Withdrawals from an annuity are subject to ordinary income taxes on earnings. A minimum account value is usually required to qualify for certain withdrawal options. The insurance company may also require a minimum distribution amount and will usually allow only a certain number of withdrawals per year.
Withdrawals are deducted from sub-accounts as a percentage based on the proportional amount allocated to each account, unless the policyholder specifies otherwise. For example, if the annuitant has 23% in Sub-account X and 77% in Sub-account Y, withdrawal amounts will reflect this percentage, albeit at much lesser amounts.
Lump sum annuity withdrawals are taxed on a last in, first out (LIFO) basis, so earnings are withdrawn first and taxed as ordinary income, while any amount in excess of earnings is taken from the principal amount and is nontaxable. However, annuitized payouts are taxed differently:
- Each payment is considered one part principal (non-taxable) and one part rate of interest (taxable).
- Each payment is adjusted by an exclusion ratio, which is a ratio that describes the relationship between the invested amount and the total expected return under the annuity contract.
As mentioned earlier, the annuitant can typically transfer money from one investment option to another during the accumulation phase without paying tax on the investment income and gains (although certain insurance companies may charge for the transfers). However, if the investor withdraws money from the account during the early years of the accumulation phase, he or she may have to pay surrender charges (discussed below). In addition, the investor will have to pay a 10% federal tax penalty on earnings if the money is withdrawn before the age of 59.5 unless the withdrawal qualifies for an exemption, such as withdrawals due to death, disability or those made in substantially equally payments (SEPPs) based on the owner's life expectancy.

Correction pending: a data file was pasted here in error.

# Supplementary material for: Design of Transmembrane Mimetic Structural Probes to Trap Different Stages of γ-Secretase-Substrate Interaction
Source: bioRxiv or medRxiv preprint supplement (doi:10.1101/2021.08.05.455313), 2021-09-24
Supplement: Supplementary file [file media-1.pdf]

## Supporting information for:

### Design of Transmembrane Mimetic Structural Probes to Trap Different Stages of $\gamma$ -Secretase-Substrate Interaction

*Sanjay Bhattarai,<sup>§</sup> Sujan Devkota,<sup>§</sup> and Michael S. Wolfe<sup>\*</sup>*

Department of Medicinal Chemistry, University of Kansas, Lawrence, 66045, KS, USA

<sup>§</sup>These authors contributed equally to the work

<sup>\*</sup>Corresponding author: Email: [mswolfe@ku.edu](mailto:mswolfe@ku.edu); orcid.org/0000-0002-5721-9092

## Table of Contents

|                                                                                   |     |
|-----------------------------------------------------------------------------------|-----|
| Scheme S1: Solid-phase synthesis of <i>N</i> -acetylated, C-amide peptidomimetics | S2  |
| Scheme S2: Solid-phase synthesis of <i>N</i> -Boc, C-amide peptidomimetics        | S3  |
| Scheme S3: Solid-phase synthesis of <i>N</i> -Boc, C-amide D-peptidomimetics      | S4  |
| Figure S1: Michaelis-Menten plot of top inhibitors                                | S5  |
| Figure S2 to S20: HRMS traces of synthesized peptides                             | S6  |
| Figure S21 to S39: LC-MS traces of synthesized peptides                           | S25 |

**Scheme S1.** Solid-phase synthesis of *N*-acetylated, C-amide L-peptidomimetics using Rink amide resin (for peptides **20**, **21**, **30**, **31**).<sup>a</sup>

Variable annuities sometimes offer other optional features, which also have extra charges. One common feature, the guaranteed minimum income benefit, guarantees a particular minimum level of annuity payments, even if your client does not have enough money in his or her account - because of investment losses, for instance - to support the level of payments. Other features may include long-term care insurance, which pays for home healthcare or nursing home care if the investor becomes seriously ill.
Variable Annuity Charges
RetirementUnderstand how annuities provide several unique benefits, but many drawbacks as well, and identify the situations where they are not the best investment.
RetirementLearn if buying an annuity makes sense in a low interest rate environment. Also discover the different types of annuities and how interest rates affect them.
Financial AdvisorUnderstand how nonqualified annuities are taxed during your lifetime, and how they are taxed when passed on to your beneficiaries.
Financial AdvisorConceptually speaking, annuities can be thought of as a reverse form of life insurance.
Financial AdvisorAnnuities suffer from a few perception problems. This primer that covers the good, the bad and the ugly of annuities.
RetirementLearn about this popular retirement tool, its pros and cons and how annuities work to create a guaranteed regular stream of retirement income.
Financial AdvisorThe pros and cons of annuities that Baby Boomers seeking retirement income need to know.
RetirementThese investments can provide extra income after you retire. Here’s a guide to when and how you will receive the payout.
RetirementAdded features can make a variable annuity suitable for certain investors. Find out if it could work for you.